ABOVE: A rig drills for oil near Alva, Okla. (Images courtesy of SandRidge Energy)

SandRidge: 'Probably the biggest single player'

"The Mississippian play from our perspective has a lot better porosity than what you find with most of the tighter rocks that the industry is drilling today," said Kevin White, senior vice president, business development, SandRidge Energy. "In conjunction with better rock quality than tighter shales, it is rather inexpensive to drill.

"The formation is somewhere between 1,212 m to 1,818 m (4,000 ft to 6,000 ft), depending on what part of the play you're in, before you kick off and go horizontal. We spend around $3 million to drill these wells," he added.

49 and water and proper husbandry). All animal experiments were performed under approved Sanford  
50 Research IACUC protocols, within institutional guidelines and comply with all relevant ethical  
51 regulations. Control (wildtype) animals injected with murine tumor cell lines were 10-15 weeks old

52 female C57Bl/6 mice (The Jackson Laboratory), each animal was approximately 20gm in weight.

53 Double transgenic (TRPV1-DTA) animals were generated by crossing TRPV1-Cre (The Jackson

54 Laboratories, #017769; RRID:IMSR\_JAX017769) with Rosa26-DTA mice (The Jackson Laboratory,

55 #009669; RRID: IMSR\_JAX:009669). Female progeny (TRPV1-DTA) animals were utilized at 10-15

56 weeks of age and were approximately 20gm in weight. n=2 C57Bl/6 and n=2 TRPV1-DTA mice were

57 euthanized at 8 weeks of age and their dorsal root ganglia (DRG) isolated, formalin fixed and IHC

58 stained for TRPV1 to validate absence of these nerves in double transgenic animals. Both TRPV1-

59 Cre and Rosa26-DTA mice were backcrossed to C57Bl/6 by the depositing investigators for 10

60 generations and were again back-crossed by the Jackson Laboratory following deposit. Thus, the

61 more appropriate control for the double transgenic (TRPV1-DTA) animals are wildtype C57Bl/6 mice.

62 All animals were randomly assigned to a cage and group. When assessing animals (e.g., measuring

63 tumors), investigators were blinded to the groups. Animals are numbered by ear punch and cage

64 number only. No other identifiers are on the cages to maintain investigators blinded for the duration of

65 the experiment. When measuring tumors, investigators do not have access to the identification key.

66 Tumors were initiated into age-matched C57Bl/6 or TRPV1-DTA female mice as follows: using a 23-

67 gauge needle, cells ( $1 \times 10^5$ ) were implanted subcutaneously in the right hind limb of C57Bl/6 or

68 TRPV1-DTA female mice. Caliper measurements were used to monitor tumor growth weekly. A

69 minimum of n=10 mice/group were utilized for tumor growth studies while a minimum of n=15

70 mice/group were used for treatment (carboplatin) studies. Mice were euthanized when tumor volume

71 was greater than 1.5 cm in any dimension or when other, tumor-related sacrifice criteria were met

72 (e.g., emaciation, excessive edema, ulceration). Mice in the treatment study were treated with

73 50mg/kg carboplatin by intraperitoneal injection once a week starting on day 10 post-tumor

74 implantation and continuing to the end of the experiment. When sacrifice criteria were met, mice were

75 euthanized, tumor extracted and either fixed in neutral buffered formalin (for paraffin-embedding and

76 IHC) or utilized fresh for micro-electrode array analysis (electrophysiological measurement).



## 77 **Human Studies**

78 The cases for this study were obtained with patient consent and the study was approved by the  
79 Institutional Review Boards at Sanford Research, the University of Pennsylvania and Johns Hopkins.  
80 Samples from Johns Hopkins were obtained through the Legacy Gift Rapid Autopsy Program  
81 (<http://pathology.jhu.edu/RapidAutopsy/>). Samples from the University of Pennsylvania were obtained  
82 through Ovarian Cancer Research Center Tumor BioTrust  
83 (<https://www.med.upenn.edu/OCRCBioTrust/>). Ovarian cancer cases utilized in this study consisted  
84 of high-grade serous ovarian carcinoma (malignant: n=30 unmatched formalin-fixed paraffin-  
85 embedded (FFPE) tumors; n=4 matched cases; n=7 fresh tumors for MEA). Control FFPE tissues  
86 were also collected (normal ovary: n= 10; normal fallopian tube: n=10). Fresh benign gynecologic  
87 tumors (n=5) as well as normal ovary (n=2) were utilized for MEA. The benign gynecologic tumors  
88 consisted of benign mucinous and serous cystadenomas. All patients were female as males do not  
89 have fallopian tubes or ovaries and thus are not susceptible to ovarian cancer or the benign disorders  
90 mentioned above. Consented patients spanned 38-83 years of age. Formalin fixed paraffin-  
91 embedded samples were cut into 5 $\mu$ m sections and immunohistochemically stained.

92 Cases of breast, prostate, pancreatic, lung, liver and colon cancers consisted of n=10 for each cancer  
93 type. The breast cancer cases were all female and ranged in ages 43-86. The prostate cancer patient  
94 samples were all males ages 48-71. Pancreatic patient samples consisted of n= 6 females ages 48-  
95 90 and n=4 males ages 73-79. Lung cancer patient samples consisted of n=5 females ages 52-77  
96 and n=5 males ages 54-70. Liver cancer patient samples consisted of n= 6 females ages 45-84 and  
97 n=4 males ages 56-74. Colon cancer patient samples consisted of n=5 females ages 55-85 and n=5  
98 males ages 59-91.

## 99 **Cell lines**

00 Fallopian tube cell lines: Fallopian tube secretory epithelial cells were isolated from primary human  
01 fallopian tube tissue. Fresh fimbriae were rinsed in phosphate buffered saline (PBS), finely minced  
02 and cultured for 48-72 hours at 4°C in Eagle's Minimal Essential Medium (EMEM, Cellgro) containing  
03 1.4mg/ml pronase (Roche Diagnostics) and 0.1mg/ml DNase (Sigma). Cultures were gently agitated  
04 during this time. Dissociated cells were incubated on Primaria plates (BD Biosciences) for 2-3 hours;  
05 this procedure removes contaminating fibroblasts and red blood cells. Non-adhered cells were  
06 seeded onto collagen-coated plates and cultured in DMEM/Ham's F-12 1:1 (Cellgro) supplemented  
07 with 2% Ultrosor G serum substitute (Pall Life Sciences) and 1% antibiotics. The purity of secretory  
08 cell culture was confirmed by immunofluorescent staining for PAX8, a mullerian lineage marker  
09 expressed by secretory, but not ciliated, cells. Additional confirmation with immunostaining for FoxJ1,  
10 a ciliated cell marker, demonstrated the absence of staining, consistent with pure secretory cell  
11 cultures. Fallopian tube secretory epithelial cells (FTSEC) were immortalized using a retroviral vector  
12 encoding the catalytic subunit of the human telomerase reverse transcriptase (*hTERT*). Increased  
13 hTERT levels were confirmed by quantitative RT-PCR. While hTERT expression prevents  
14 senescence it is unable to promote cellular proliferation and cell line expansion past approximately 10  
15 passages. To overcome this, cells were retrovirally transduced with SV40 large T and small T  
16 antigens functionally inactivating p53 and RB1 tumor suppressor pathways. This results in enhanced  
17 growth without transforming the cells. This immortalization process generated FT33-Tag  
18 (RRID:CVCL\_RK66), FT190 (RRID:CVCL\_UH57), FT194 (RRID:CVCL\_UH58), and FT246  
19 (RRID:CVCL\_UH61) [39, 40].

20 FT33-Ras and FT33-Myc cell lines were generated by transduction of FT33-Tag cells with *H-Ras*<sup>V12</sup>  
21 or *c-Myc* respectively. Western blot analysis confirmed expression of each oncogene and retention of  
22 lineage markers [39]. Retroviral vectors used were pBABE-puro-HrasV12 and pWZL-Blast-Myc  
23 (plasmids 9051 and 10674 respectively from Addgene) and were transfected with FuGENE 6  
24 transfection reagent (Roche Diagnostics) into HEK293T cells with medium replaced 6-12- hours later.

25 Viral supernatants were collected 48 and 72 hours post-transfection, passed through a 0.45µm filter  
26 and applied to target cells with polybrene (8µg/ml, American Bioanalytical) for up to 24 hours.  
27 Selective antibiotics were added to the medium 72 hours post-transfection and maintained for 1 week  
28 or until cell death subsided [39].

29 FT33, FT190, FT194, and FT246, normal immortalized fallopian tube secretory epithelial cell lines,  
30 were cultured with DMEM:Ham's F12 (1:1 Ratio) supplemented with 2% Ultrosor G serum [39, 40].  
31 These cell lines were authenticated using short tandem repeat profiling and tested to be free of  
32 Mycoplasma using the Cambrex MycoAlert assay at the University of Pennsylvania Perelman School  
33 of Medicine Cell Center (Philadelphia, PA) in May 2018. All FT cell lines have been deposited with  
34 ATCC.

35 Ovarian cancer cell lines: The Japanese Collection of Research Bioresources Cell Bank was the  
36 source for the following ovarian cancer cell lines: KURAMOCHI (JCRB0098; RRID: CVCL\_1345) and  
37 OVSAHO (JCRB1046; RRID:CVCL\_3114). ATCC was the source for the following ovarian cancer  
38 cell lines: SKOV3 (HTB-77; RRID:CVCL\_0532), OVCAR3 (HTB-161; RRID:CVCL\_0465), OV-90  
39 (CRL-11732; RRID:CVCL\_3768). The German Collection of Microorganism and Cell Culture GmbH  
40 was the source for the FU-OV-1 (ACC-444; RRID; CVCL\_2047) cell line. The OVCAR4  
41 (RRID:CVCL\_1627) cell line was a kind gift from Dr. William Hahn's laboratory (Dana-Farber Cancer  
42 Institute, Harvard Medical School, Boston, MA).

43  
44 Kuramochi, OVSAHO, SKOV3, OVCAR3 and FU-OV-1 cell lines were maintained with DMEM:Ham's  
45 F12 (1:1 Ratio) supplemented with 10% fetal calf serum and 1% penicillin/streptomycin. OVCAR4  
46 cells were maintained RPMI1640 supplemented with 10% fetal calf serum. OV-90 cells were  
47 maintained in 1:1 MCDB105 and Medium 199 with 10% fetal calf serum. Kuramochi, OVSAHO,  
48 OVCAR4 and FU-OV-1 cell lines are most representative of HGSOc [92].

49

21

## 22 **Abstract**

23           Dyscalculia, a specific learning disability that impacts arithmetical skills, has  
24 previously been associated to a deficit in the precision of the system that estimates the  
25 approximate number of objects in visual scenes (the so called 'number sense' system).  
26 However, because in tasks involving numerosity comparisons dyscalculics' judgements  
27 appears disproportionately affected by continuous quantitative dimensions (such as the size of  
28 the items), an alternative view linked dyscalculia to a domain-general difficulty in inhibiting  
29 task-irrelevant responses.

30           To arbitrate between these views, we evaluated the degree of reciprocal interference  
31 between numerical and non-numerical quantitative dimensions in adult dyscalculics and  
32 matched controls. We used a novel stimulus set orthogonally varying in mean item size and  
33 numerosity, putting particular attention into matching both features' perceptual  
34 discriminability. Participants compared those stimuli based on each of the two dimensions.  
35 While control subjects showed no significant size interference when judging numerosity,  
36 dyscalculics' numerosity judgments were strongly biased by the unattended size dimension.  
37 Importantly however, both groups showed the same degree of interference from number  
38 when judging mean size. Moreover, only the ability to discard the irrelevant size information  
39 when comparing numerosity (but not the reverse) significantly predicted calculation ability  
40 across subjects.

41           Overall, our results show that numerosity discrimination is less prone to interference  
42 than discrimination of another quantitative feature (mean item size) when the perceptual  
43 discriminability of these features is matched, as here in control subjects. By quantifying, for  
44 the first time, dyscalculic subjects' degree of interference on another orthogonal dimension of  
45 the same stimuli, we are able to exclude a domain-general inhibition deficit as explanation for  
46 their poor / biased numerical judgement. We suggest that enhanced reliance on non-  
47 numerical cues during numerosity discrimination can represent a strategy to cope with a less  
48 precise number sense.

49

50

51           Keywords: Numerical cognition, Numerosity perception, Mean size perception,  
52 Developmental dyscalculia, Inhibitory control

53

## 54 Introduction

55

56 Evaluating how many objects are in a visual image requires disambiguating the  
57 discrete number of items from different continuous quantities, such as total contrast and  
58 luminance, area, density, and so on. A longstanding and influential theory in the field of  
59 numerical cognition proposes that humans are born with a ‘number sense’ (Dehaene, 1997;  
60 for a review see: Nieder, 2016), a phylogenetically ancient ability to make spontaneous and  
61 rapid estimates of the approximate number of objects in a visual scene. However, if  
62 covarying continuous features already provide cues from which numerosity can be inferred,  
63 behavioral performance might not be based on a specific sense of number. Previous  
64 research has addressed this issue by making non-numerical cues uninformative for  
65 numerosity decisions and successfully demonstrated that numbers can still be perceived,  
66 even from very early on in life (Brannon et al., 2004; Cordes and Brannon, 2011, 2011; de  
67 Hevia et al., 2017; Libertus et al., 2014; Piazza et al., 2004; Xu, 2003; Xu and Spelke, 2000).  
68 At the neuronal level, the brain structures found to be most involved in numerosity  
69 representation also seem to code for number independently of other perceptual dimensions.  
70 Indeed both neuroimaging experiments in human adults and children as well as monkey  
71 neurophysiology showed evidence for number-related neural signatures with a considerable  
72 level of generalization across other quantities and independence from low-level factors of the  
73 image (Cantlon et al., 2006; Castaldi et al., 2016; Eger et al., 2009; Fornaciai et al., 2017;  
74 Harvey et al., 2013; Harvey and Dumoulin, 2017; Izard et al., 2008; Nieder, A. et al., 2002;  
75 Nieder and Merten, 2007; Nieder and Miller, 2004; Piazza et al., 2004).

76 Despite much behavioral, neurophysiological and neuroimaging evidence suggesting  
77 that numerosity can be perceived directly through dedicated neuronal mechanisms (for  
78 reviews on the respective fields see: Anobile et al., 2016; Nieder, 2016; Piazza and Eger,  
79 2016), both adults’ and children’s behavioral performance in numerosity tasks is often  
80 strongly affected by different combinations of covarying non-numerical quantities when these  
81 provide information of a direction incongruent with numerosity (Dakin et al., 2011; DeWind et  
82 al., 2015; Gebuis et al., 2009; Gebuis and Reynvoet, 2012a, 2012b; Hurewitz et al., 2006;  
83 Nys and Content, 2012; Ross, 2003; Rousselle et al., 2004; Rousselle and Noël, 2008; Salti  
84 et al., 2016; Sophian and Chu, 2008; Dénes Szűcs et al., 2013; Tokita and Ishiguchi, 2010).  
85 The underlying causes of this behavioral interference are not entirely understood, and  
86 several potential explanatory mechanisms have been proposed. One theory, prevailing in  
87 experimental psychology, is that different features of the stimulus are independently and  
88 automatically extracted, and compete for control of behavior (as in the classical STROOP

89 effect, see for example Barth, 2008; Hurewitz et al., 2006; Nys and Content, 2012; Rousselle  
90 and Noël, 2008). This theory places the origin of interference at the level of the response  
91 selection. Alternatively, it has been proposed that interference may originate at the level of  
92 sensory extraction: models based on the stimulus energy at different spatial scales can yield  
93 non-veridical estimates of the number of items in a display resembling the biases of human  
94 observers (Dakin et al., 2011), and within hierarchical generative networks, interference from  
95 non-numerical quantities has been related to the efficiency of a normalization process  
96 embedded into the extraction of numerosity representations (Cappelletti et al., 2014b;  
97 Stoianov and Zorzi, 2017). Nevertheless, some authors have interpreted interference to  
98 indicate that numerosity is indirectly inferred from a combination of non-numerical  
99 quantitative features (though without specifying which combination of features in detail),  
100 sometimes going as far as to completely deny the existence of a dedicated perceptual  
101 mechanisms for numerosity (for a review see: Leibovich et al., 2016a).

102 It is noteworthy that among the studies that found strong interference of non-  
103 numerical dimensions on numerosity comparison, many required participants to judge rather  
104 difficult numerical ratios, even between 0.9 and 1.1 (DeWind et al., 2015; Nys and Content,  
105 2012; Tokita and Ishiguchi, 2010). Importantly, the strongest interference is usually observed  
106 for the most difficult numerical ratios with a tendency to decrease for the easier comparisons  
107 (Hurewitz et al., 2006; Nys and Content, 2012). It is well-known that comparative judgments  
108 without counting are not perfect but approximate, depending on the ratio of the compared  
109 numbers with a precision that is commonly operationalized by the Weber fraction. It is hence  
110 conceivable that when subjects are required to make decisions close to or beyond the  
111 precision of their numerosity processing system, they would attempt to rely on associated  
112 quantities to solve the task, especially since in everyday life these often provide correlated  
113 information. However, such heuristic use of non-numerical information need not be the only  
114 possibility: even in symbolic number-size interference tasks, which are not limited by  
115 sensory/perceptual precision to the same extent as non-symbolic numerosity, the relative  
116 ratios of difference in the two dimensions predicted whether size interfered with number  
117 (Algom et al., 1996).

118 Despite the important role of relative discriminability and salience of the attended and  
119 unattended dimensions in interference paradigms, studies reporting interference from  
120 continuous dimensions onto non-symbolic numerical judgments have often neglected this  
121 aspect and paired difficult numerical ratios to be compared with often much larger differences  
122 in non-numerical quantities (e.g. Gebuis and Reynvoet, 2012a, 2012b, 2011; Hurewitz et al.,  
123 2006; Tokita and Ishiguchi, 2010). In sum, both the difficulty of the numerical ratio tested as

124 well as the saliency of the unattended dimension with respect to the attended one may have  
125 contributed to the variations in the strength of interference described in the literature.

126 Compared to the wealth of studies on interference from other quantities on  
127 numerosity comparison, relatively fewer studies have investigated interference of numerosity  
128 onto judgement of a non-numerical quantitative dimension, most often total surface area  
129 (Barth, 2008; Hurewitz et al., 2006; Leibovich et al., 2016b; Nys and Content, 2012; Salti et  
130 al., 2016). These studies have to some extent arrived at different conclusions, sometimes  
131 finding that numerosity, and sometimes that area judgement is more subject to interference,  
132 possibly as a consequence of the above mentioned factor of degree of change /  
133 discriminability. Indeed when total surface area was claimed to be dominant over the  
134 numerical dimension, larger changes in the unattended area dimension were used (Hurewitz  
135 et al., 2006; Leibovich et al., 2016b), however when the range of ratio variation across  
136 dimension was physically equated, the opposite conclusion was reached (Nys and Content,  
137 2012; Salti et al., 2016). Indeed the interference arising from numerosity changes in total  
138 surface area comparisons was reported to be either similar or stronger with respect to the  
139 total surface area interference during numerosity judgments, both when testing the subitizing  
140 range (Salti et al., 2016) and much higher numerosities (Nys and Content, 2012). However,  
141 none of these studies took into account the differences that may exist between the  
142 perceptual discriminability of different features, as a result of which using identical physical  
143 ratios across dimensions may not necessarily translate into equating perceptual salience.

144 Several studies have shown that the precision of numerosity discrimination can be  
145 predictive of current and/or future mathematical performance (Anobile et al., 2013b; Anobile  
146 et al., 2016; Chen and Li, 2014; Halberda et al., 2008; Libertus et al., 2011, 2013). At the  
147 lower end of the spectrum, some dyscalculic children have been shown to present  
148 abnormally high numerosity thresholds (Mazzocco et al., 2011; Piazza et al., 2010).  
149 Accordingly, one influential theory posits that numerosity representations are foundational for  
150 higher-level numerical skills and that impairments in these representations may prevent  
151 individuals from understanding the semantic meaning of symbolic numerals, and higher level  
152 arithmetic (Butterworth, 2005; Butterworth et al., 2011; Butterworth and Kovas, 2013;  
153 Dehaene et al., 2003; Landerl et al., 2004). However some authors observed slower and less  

And SandRidge knows what they are talking about. The company is "probably the biggest single player" with about 2 million net acres under lease. "The play itself – at least what we would define as 'buy' areas for us to acquire acreage – is about 17 million acres. The play goes through northern Oklahoma, and southern and western Kansas," White explained.

The company is largely done with its leasing. "We have enough acreage that we would have drilling opportunities that will probably carry us out about 15 years," he said.

"The Mississippi Lime is really our growth area. We have two other areas where we're spending capital. One of those areas is the Central Basin Platform in the Permian basin," White continued. "We recently closed our acquisition of a company that has shallow-water GoM properties and production. We'll be making some investment there, but the real growth for the company is in that Mississippian play."